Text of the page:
Summary: In its 4th annual report, the PwC monitor reiterated its previous findings by reporting serious oversights and deficiencies in the Tourism Development & Investment Company’s compliance with its own Employment Practices Policy on Saadiyat Island. Moreover, some of the new findings suggest serious flaws in the monitor’s own methodologies.
Sample Size and Methods: Workers from 6 main contractors, and 8 of the largest subcontractors were interviewed, for a total of only 880 workers (5,555 is the current estimated workforce on TDIC projects). There were 53 subcontractors working on Saadiyat in 2015. Evidence from recent years (e.g., Nardello report on NYUAD) shows that the most egregious violations are committed by the smaller subcontractors, more so than the larger ones. The PwC report has little to say about these small firms, since the monitoring staff only talked to the largest subcontractors.
TDIC itself has only two compliance staff (the report “recommends” adding more, an indicator that TDIC has yet to approve the budget to do so). Even so, these two managed to miss an entire infrastructure project, allowing all the workers on that project to fall outside of EPP protections. Since TDIC only has seven projects at present, that is an unacceptable oversight. In addition, these two staff audited less than 1 percent of the total workforce, a statistically unacceptable sample size.
Living Wage: Significantly, the report says almost nothing about compensation levels.
Pay Frequency: PwC finds one (out of the eight subcontractors interviewed) to have delayed payments to their workers by 15-30 days, and finds 50% inaccuracies with the payment slips of said-subcontractor. It is logical to presume that the smaller subcontractors are doing even worse with payments. Representation: Only 7% of workers interviewed knew anything about industrial action procedures, and only 15% knew about dispute referrals. This is a 5% decline from the 2014 report and precisely the opposite direction that we would hope two years later on.
Penalties: In nine visits, PwC found five Contractors in non-compliance with EPP, yet TDIC has applied penalties to only one. Indeed, TDIC is faulted for penalizing only ONE of the firms found to be in non-compliance over the last three years of PwC monitoring. This is an appallingly low rate of enforcement. PwC recommends a more ‘robust’ and ‘consistent’ penalization process.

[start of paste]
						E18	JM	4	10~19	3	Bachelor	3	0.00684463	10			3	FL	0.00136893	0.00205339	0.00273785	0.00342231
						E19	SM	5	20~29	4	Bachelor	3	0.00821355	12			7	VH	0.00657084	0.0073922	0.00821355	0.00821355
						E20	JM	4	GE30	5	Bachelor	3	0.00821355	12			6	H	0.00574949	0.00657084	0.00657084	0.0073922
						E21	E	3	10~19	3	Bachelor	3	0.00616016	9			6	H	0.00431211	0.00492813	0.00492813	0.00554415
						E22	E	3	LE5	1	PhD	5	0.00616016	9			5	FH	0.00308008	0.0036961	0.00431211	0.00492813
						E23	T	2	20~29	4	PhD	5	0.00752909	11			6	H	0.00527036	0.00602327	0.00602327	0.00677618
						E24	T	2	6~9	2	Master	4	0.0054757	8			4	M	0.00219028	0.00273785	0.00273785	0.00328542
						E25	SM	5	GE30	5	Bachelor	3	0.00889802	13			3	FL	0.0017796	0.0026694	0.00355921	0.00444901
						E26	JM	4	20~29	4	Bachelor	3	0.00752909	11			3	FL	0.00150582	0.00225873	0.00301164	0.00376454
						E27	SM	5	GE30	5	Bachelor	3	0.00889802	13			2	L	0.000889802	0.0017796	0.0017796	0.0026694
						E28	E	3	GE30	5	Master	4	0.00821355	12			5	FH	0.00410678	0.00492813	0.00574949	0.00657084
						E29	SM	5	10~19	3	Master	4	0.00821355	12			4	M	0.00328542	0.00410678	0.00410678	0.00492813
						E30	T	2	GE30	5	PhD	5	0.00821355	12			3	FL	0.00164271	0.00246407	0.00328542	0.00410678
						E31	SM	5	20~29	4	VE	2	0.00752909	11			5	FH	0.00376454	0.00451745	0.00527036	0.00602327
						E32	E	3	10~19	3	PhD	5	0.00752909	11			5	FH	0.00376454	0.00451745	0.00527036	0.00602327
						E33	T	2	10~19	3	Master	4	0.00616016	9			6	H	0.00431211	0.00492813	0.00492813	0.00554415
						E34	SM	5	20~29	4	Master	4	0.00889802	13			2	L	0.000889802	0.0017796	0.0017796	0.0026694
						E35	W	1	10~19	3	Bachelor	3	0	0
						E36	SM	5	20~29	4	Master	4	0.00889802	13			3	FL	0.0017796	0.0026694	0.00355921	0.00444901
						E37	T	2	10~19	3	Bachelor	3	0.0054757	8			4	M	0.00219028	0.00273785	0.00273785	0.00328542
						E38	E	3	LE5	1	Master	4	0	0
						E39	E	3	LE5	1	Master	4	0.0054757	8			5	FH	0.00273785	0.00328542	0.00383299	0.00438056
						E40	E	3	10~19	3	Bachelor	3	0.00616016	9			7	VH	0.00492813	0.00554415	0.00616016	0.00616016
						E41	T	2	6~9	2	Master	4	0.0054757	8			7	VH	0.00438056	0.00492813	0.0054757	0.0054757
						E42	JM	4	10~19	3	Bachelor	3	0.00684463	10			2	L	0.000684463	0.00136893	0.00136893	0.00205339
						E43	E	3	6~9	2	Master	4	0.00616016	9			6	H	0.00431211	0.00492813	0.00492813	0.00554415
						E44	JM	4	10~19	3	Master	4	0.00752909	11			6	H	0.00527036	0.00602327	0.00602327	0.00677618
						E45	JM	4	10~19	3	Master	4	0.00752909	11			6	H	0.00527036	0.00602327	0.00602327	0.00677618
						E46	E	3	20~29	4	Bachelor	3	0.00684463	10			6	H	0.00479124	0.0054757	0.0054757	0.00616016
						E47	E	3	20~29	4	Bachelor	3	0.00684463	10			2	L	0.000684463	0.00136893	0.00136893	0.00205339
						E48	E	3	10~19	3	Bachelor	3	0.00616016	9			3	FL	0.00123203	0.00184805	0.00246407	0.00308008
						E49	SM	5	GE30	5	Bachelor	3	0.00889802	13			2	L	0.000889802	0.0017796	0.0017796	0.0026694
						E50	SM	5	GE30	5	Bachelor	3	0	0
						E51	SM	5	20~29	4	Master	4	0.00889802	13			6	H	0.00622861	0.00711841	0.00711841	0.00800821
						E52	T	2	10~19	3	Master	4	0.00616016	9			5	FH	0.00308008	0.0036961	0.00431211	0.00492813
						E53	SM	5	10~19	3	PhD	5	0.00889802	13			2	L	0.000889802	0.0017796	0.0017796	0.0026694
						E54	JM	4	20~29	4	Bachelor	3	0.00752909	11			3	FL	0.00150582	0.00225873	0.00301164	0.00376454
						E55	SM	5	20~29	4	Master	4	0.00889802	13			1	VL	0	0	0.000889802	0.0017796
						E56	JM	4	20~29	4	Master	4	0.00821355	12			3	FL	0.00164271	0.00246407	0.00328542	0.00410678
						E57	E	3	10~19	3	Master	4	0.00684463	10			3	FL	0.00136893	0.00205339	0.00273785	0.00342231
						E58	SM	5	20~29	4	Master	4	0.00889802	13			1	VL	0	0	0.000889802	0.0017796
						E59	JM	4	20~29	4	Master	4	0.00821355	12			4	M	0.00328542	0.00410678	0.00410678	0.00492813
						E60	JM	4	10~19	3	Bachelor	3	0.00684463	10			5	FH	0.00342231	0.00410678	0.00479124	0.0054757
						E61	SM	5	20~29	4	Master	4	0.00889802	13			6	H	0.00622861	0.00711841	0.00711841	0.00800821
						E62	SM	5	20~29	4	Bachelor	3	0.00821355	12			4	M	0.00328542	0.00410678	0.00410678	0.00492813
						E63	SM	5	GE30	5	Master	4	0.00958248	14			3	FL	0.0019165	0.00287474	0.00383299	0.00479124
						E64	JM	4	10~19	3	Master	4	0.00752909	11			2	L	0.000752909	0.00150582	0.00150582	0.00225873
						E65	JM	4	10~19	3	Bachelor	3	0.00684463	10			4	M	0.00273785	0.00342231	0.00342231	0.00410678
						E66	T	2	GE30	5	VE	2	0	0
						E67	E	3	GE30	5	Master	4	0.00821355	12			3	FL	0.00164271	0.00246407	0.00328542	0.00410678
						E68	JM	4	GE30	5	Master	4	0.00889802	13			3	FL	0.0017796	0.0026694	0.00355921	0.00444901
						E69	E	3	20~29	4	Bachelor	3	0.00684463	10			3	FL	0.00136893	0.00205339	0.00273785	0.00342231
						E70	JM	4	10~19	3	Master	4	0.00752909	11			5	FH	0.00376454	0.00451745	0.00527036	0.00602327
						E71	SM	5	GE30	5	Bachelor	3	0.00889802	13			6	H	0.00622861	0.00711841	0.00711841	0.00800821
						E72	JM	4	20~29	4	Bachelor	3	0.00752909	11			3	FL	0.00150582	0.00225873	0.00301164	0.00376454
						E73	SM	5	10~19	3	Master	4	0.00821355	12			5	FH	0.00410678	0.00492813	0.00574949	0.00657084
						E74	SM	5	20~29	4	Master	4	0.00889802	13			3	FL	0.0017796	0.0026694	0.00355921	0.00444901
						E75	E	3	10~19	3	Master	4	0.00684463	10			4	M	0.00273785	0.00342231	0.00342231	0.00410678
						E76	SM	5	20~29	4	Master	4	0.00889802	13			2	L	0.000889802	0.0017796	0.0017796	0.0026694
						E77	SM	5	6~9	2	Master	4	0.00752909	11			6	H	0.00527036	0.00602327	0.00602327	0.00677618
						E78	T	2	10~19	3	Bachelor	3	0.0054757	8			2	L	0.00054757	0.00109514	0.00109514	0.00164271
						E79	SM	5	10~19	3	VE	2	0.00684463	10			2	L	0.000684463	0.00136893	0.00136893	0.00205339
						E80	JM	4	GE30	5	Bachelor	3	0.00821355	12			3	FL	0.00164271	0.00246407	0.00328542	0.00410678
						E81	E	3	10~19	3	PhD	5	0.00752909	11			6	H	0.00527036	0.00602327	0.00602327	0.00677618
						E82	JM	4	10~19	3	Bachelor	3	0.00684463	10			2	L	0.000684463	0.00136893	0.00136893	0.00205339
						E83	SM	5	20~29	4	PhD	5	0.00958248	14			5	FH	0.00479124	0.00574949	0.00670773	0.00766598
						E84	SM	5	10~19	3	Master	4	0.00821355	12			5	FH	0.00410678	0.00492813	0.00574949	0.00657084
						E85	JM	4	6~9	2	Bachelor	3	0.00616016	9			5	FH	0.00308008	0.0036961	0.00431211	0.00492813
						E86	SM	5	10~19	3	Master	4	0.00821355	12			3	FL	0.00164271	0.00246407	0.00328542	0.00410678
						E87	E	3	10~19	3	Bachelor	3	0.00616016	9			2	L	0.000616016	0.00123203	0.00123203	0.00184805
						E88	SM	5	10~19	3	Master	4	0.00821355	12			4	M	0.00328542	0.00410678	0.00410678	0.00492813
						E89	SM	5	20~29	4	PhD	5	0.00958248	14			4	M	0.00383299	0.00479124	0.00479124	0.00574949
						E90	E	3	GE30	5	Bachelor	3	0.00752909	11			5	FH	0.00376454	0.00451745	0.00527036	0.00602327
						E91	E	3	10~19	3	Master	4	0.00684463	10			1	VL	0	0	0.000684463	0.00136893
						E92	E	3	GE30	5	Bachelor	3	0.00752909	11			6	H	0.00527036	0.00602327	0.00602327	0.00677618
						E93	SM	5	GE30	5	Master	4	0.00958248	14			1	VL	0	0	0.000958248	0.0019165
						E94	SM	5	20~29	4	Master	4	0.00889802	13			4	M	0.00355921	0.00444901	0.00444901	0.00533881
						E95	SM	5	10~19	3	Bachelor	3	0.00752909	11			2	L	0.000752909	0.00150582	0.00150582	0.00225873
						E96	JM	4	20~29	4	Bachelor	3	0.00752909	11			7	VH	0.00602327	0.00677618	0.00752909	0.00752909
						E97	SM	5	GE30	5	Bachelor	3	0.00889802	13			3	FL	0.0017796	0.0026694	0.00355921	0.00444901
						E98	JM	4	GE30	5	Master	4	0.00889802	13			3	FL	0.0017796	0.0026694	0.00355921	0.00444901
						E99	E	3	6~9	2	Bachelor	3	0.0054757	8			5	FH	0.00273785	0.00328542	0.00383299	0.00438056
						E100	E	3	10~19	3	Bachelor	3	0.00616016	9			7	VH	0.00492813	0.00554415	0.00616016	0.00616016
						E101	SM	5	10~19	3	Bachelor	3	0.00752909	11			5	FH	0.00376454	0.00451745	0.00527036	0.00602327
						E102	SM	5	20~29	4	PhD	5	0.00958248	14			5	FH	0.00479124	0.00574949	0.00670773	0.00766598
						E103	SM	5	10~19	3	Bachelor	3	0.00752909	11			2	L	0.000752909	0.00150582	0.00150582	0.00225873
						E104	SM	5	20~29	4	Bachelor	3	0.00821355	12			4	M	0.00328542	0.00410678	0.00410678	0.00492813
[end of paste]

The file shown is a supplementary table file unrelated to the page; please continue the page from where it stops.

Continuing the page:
Recruitment: PwC reports that 58% of workers interviewed paid recruitment fees, and 57% paid relocation fees. That figure is down dramatically from the 88% (recruitment) and 89% (relocation) recorded in last year’s report, which is simply not credible. It is a well-known and documented fact that workers generally cannot get to the UAE without paying these fees in home country. There is no channel for any migrant worker (unless high-skilled white collar) to apply for a solo visa for themselves. All visas get submitted in collective batches by “manpower agencies,” and they make their revenue by charging a fee to each worker. This finding alone casts doubt on of PwC’s methods vis-à-vis questions of recruitment and relocation.
PwC reports that ‘no evidence exists from the contractors and subcontractors to confirm ‘that they had paid recruitment and relocation fees as required. The one instance where a contractor contacted a recruitment agency that charged workers fees, workers were reimbursed between 190 and 495USD. From the research that GLC and others have conducted, we know this is a significantly smaller amount than what workers on average (1500 to 2000USD) pay for recruitment and relocation.
Only 7 out of the 21 contracts between contractors and their recruiting agents included the stipulation that recruitment/relocation fees are NOT permitted.